The AIHW said the databases used to conduct this research do not include information on cases where a person was treated in an emergency department or by a general or allied health practitioner and was not admitted to the hospital. Alcohol consumption in this analysis relates to the person injured.

Aboriginal and Torres Strait Islander people

The report found nearly 6000 hospitalisations due to alcohol-related injuries in 2019–20 were for Aboriginal and Torres Strait Islander people.

There were slightly more hospitalisations for Aboriginal and Torres Strait Islander males than females (51% v 49% respectively), and the crude rate per 100 000 population was higher for males than females (714 v 689 respectively).

Prevention is vital

Responding to the findings, Foundation for Alcohol Research and Education (FARE) CEO Caterina Giorgi said preventing alcohol-related injuries is vital.

This new data from the AIHW is particularly heartbreaking because we know that these alcohol-related injuries and deaths are largely preventable,” Ms Giorgi said.

“At a time when our hospitals and health care systems are at breaking point, preventing injuries from alcohol is critical to alleviating some of this pressure.”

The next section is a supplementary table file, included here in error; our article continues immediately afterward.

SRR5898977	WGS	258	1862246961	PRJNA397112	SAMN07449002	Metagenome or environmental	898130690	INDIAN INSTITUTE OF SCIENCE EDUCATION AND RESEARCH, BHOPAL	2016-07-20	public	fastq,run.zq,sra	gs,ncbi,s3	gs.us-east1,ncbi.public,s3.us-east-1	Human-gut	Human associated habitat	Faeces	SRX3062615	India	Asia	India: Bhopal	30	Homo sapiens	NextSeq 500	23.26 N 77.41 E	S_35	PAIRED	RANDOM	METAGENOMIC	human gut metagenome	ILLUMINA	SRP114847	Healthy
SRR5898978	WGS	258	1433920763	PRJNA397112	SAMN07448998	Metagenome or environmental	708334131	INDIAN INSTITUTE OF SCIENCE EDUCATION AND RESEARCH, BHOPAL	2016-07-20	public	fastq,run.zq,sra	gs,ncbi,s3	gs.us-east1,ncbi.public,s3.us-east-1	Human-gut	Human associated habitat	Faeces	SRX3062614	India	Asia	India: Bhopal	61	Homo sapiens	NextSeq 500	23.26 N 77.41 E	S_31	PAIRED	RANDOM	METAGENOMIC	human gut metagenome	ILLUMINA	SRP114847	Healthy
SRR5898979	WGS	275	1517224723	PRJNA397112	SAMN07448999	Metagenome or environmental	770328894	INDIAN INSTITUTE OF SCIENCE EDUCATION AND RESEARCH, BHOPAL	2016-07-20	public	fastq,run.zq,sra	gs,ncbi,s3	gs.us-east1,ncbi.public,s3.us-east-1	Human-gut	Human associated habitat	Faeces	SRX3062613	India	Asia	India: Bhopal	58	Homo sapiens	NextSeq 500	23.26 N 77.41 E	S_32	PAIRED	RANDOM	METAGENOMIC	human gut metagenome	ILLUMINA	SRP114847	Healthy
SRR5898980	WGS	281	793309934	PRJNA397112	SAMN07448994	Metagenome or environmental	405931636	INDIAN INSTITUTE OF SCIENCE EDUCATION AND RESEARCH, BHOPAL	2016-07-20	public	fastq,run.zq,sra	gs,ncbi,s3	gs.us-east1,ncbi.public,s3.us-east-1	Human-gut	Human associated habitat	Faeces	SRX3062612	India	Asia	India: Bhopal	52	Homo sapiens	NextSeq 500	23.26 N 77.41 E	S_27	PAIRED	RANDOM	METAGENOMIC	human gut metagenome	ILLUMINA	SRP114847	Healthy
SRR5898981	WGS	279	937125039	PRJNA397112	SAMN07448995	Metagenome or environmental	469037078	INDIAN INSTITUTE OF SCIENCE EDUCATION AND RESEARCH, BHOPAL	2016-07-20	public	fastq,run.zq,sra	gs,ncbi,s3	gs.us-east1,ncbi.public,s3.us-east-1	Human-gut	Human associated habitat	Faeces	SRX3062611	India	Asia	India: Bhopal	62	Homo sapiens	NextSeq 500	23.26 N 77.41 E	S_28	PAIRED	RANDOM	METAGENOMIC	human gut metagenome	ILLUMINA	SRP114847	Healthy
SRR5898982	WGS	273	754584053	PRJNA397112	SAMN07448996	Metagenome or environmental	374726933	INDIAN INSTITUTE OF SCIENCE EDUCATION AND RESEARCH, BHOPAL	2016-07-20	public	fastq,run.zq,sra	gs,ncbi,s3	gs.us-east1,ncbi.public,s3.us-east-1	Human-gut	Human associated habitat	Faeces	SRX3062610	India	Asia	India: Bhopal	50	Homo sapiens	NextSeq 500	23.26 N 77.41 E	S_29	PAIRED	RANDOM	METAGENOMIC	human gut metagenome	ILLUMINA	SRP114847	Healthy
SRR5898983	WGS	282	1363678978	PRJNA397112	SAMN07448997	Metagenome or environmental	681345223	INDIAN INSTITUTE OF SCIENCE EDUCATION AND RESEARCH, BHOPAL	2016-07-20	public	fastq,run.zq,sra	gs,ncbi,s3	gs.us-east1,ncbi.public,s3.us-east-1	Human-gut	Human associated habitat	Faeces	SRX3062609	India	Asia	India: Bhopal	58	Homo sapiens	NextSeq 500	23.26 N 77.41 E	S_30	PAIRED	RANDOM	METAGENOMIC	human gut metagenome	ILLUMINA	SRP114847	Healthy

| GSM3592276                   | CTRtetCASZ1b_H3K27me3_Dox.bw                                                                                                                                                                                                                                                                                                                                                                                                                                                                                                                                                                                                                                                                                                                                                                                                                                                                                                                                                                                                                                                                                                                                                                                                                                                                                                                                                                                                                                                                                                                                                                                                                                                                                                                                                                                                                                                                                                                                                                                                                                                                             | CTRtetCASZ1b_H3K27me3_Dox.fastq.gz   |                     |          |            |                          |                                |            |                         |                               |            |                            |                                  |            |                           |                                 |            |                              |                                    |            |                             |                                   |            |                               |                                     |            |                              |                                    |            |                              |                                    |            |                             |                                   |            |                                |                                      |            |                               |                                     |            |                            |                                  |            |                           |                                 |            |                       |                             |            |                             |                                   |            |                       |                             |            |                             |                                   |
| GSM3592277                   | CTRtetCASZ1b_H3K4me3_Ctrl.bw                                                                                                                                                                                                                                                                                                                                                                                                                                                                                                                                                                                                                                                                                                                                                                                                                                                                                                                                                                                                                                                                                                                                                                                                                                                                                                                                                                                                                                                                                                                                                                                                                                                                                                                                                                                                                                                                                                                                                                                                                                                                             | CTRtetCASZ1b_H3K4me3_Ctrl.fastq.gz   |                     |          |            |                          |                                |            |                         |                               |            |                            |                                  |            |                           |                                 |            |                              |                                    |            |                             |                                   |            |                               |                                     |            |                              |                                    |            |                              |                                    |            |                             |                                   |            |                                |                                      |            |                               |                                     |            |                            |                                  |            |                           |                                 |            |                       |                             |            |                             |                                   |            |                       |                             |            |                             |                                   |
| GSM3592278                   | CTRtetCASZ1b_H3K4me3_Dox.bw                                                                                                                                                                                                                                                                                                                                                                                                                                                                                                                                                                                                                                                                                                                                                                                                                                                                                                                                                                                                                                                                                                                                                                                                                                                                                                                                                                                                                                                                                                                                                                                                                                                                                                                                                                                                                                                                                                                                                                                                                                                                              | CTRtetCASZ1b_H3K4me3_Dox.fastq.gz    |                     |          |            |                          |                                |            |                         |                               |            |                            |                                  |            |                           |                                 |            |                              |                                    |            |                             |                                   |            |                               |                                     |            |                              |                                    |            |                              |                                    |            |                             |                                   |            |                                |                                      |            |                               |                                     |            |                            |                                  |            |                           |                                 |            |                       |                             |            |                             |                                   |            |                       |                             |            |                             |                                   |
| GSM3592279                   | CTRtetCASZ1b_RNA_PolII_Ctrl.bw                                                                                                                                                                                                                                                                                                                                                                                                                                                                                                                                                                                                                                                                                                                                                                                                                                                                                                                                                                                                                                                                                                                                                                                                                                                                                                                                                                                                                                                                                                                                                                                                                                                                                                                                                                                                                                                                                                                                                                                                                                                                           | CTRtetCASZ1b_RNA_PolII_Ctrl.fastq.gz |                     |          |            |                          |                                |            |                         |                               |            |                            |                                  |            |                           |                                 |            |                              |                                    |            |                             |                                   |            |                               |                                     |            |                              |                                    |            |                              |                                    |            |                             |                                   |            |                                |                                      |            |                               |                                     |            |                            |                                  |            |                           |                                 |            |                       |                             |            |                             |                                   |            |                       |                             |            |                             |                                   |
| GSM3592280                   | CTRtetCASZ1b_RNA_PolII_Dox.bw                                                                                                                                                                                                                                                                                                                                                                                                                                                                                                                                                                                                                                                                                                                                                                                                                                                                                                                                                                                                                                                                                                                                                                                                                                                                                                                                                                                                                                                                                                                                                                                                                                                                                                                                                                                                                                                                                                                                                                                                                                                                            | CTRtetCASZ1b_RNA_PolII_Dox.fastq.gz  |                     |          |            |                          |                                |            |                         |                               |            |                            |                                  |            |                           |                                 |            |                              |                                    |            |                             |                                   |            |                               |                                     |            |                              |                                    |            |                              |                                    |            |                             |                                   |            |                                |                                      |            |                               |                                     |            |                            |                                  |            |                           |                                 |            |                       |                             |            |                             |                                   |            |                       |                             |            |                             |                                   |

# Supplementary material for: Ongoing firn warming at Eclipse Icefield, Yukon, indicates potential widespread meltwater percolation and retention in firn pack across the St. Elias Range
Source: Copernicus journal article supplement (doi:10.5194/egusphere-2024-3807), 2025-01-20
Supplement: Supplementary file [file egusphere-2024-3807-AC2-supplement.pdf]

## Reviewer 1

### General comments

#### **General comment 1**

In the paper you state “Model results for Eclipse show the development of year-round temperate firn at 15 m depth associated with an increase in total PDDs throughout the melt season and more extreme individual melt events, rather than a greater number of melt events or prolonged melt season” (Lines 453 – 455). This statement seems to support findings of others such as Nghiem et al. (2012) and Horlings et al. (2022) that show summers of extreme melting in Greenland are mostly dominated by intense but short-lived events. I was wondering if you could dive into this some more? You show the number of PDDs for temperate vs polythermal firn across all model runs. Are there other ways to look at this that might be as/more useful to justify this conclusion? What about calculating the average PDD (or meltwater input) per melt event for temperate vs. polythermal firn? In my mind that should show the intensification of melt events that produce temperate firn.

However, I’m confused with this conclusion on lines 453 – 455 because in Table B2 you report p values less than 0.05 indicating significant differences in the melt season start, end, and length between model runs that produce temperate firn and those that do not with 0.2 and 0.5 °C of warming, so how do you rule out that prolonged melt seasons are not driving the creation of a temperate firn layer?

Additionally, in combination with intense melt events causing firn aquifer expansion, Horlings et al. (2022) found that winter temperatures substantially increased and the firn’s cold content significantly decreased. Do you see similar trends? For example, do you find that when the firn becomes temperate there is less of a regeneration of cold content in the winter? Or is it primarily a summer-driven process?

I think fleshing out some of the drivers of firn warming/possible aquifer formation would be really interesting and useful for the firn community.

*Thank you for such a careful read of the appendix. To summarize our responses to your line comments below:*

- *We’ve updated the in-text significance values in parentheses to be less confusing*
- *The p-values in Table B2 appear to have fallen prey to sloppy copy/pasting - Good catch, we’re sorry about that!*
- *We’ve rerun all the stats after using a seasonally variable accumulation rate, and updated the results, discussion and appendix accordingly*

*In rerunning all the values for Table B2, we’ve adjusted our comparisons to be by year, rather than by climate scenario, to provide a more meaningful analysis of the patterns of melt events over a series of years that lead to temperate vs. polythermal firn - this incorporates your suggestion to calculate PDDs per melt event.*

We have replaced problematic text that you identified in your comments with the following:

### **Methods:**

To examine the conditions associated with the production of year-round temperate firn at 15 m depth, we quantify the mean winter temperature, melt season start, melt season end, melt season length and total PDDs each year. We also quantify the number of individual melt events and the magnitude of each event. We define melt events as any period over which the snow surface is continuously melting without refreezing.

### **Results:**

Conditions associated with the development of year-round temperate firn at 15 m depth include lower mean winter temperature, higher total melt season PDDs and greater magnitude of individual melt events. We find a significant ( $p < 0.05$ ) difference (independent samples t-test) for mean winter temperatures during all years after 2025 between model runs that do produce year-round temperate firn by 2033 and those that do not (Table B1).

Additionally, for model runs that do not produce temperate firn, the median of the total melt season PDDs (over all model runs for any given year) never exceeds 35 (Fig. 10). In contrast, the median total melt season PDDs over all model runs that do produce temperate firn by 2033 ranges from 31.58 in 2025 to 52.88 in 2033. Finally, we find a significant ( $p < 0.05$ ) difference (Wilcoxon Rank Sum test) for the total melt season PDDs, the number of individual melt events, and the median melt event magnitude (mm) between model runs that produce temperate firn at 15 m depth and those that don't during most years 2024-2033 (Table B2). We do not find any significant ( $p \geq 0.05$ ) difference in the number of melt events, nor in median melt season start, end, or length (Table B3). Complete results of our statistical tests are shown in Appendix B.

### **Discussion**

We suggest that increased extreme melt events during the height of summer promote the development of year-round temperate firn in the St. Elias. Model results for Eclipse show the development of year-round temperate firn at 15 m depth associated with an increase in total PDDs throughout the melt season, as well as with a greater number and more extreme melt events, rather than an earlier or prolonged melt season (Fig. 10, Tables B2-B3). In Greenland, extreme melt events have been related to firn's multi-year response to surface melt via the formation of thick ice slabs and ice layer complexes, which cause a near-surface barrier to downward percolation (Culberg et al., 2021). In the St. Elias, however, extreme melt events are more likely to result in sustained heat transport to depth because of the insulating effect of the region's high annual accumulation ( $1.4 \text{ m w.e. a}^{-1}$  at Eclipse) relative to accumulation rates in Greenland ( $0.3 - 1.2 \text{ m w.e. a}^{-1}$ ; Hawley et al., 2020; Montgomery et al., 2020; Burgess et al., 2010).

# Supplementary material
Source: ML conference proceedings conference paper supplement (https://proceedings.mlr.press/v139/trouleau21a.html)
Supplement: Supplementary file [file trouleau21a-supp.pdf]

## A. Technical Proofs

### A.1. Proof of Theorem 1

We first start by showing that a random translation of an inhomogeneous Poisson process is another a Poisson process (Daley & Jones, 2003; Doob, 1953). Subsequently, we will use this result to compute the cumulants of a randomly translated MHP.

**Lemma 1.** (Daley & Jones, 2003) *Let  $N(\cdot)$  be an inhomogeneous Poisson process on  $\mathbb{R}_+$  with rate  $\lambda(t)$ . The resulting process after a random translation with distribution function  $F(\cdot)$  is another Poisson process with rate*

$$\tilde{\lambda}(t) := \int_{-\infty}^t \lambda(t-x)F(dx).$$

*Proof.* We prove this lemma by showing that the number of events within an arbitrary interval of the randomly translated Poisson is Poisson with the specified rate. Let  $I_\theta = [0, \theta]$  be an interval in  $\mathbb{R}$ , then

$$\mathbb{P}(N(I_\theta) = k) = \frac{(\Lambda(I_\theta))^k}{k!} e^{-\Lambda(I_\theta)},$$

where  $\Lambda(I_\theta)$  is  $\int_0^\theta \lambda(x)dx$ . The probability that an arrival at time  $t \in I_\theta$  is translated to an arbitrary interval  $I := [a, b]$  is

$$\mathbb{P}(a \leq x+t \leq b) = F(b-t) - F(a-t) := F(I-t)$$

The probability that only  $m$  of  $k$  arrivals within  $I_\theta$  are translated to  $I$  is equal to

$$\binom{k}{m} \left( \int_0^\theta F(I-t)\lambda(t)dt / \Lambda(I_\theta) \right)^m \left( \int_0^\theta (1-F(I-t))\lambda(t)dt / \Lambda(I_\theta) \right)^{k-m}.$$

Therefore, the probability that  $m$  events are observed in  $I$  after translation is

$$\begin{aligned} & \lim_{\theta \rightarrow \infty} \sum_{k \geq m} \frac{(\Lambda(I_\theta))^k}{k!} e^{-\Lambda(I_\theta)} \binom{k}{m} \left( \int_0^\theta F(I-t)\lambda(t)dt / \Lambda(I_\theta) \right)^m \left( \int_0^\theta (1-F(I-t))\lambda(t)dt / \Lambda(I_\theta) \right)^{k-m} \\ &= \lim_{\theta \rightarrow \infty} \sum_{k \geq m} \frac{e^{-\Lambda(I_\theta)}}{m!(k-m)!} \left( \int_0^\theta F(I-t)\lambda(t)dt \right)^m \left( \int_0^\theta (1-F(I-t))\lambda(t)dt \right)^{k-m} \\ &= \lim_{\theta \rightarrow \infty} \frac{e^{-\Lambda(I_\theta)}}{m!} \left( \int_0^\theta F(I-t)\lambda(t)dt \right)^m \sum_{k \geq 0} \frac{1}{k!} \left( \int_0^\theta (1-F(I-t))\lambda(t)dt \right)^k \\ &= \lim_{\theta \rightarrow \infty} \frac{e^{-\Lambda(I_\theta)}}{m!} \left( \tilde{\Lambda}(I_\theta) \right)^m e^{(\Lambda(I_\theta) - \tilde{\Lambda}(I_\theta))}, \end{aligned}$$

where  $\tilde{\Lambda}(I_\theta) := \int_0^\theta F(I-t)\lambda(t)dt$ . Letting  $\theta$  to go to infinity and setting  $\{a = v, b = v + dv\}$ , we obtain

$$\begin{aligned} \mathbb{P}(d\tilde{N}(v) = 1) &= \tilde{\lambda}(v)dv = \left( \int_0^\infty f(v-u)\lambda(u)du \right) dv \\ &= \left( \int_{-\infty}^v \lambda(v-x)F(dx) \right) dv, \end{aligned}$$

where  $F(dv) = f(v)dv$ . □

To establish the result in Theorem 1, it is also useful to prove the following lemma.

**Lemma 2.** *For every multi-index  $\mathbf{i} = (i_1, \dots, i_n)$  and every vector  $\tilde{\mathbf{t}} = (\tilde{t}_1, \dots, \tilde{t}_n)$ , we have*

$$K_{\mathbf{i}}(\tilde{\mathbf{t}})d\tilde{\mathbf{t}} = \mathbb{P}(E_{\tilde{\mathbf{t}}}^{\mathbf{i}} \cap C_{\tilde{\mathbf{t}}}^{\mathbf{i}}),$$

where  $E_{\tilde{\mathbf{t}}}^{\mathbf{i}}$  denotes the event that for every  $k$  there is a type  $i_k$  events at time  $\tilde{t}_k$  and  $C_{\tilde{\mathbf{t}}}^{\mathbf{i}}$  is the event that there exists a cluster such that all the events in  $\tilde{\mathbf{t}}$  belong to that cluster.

“Alcohol companies were actively promoting their products as a way to cope with stress and anxiety during the pandemic.

“This behaviour is particularly upsetting when you see the significant role that alcohol plays in suicide and hospitalisations relating to self-harm.”

In 2020, a report by FARE found a saturation of online alcohol advertising during the COVID-19 pandemic.

In one hour on a Friday night [17 April 2020], 107 sponsored alcohol advertisements were displayed on a personal Facebook and Instagram account. This equates to approximately one alcohol advertisement every 35 seconds,” the FARE report said.

“The marketing messages being used to promote alcohol during COVID-19 are particularly concerning as they promote known risk factors for harmful drinking, including buying more, drinking to cope, drinking daily and drinking at home or alone in the home.”

“The emphasis on buying large quantities of alcohol through bulk purchase promotions and the use of discounts and other price-based promotions could also lead to increased alcohol use during the pandemic,” the report warned. 

“Governments across Australia need to be doing more to prevent the significant harms from alcohol, including injury and death,” Ms Giorgi said.

“State governments can introduce common-sense reforms to address the rapid delivery of alcohol, which we now know is linked to higher risk drinking.”

“The federal government can ensure the community is better protected from being targeted by alcohol companies on social media by including strong privacy protections in the Privacy Act, which is currently under review.”

Support is available by calling the National Alcohol and Other Drug hotline (1800 250 015) or Lifeline (13 11 14).

A full list of support services is available on the FARE website.